“The Massachusetts National Guard will review the letters sent by the Commission and does not comment on potential litigation,” said Veitch in an email last month.
Forest said that part of the insistence on a full evaluation of Fort Devens as an alternative is that unlike Joint Base Cape Cod, the range northwest of Boston wouldn’t be built on top of a drinking water source.
“On Cape Cod, we're talking about building a machine gun range on state conservation land. … [That designation] limits a variety of uses and activities and only allows for very limited compatible training,” he said.
State Sen. Susan Moran, whose district includes Plymouth and Barnstable, agreed.
“We’re on a sole source aquifer and we have concerns about climate change and clearcutting trees, along with wildlife being in the way of potential machine gun fire, as well as neighbors being disturbed by the kind of noise that's necessary,” she said by phone Tuesday.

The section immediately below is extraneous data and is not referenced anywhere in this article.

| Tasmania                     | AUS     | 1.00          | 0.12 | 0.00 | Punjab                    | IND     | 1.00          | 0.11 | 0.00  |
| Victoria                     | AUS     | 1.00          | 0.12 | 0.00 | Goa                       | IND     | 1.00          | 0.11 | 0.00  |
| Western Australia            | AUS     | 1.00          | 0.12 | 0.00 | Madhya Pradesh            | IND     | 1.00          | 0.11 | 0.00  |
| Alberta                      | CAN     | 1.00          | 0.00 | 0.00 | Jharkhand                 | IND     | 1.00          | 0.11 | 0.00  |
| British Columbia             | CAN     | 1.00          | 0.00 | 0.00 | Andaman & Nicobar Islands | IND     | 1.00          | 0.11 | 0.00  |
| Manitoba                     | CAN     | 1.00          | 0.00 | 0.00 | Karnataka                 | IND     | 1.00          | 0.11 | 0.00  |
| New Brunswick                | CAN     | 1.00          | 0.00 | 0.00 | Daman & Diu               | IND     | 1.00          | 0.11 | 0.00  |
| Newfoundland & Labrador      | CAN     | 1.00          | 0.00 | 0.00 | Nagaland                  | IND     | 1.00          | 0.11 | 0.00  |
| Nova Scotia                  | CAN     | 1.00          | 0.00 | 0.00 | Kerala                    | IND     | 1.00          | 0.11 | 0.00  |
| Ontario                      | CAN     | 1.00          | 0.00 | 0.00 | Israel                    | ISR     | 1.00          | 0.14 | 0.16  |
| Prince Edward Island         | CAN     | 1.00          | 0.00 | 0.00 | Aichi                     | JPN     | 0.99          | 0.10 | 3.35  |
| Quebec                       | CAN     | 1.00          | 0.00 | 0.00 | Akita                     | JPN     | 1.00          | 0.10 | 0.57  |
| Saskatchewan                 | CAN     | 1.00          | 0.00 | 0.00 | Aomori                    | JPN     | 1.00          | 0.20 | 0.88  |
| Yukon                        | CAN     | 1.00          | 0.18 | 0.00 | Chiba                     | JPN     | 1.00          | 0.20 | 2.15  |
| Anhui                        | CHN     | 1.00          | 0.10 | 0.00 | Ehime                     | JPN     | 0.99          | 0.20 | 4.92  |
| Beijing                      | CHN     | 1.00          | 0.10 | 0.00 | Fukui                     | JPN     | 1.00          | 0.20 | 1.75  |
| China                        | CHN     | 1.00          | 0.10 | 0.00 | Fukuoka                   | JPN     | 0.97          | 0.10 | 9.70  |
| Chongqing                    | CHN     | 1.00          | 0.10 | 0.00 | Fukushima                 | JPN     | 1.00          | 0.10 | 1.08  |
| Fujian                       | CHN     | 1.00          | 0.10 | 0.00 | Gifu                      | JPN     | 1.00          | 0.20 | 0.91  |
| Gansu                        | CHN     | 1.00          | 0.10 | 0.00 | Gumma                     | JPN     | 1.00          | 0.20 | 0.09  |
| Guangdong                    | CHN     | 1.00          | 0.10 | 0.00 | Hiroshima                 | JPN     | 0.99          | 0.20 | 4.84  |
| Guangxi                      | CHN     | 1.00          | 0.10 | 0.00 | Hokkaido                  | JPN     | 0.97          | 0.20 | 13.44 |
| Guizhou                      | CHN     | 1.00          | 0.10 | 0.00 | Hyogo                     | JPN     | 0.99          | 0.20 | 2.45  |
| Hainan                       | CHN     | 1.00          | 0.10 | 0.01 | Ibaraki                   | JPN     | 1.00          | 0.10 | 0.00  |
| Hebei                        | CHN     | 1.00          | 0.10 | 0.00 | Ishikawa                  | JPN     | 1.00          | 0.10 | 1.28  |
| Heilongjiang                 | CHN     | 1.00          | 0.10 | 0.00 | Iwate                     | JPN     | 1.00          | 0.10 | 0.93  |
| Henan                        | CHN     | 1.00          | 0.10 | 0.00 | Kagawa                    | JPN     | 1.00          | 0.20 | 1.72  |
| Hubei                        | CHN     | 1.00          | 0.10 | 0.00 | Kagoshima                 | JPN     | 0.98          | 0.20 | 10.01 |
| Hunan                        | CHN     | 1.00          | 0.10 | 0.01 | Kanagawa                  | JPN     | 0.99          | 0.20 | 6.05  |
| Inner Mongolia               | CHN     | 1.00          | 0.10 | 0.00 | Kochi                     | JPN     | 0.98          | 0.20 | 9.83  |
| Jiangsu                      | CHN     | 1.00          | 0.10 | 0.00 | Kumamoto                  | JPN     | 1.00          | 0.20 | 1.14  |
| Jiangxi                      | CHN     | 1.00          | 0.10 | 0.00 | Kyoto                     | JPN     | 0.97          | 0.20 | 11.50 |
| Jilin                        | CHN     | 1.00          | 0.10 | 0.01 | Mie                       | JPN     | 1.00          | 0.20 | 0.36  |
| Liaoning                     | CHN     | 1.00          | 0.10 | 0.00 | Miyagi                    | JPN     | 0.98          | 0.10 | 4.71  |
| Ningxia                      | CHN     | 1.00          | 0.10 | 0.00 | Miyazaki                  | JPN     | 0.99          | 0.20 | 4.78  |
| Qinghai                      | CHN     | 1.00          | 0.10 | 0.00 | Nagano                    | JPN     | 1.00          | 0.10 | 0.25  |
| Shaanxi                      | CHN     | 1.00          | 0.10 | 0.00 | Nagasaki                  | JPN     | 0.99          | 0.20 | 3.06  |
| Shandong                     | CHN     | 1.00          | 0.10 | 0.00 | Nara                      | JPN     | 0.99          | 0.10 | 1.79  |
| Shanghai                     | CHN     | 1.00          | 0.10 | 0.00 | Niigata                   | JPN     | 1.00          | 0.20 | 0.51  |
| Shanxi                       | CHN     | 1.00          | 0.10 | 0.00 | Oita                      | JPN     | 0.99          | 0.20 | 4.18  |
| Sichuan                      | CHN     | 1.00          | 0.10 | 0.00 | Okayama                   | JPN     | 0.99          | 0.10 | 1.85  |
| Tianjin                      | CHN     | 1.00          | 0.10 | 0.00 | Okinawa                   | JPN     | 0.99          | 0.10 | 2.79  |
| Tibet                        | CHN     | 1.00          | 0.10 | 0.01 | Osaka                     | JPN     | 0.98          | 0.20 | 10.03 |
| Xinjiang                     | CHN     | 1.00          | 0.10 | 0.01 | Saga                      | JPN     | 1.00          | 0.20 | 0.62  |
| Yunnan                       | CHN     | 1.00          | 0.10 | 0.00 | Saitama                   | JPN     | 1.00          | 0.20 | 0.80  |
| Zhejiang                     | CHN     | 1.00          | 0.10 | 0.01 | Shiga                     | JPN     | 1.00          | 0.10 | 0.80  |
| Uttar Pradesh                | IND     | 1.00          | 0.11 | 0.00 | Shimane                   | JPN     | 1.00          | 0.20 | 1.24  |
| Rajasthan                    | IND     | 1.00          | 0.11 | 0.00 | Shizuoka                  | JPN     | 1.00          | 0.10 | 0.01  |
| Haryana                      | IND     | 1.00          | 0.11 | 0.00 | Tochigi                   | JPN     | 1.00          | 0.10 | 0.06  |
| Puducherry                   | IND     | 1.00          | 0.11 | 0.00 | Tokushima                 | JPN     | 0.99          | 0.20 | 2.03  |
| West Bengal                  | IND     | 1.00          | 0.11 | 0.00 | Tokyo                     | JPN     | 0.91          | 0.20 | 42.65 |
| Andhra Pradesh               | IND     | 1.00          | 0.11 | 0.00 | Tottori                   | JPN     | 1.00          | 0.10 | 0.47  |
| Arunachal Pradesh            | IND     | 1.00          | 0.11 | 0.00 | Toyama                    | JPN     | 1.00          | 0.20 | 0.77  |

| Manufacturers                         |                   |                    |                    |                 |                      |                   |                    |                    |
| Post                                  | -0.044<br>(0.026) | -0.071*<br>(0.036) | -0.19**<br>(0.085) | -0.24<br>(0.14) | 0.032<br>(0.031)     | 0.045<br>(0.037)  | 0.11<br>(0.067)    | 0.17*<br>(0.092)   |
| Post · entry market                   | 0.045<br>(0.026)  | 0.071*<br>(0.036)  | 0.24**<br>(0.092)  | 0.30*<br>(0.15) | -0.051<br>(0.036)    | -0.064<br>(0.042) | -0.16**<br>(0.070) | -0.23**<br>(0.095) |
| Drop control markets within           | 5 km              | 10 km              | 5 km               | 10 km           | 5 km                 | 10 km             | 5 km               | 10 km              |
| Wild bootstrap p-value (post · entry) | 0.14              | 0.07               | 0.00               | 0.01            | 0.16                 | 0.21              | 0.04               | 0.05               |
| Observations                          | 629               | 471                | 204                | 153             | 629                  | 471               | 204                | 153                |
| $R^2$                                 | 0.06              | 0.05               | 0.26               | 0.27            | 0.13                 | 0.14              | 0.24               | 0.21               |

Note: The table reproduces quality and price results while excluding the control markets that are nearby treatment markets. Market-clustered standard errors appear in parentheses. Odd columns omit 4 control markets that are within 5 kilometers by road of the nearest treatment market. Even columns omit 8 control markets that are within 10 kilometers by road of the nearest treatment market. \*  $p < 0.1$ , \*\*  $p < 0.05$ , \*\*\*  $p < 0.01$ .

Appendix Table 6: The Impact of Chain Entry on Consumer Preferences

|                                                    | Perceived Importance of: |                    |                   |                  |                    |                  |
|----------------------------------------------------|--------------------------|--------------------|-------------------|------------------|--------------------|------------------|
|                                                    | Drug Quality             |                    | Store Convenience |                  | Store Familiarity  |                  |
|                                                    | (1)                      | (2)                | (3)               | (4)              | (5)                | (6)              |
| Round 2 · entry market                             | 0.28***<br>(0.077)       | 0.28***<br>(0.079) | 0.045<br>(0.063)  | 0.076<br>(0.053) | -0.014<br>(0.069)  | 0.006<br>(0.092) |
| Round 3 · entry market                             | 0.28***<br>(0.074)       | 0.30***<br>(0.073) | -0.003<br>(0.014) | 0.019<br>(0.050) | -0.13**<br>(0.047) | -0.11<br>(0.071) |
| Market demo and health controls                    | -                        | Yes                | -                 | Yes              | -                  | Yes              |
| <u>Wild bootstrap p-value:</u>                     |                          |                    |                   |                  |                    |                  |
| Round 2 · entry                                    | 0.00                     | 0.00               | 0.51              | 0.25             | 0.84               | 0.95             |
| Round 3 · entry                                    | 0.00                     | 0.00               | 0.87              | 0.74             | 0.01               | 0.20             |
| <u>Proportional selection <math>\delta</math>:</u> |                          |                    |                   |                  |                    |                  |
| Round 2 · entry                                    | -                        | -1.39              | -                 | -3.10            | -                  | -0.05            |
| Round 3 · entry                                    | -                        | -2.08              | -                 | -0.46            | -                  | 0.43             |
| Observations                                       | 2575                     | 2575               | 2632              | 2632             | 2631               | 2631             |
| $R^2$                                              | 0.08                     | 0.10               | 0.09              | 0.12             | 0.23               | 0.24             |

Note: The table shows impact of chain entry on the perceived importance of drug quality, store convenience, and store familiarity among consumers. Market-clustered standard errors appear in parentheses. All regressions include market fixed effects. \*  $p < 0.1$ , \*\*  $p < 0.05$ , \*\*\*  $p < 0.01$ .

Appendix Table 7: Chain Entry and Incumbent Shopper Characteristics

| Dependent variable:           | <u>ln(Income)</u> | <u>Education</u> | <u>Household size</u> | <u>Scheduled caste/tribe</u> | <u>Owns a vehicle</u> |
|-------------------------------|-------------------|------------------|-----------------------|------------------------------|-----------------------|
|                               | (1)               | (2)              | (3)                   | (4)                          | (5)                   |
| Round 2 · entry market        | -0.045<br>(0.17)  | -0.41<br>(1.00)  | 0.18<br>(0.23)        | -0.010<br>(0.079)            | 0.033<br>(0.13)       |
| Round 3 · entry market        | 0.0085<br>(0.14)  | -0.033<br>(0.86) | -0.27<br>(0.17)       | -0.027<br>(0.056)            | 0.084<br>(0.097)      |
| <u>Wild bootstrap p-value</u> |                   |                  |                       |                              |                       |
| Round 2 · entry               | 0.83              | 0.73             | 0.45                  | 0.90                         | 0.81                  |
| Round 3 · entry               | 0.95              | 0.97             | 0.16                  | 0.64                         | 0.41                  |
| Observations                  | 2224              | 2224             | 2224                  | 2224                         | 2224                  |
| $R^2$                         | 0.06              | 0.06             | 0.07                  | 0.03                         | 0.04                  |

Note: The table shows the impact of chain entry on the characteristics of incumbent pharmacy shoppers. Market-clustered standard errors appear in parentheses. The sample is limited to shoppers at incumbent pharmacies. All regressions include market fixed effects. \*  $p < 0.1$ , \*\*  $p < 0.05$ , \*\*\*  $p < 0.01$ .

Fort Devens, she said, presents an “amazing” alternative.
“That is a much more proper site because it doesn’t have the same potential debilitating effects to the community that such a site would be on Joint Base Cape Cod,” she said. “I truly believe that the Fort Devens [range] will be able to replace any potential need for a machine gun range on Cape Cod. But we've got to wait for the [range on Devens] to be built and see how the military is able to manage it.”
“And if there’s more need that’s determined,” she continued, “then we start to look at what other opportunities there may be in other places in Massachusetts other than the Cape, as well as in the already built up places on Joint Base Cape Cod. There's already vast amounts of trees that have been cut.”
Guard officials have repeatedly insisted that the site chosen presents no significant harm to the environment and that adequate safeguards are in place for groundwater protection and community concerns.
Construction of the Fort Devens range is scheduled to be completed by Sept. 28, 2023.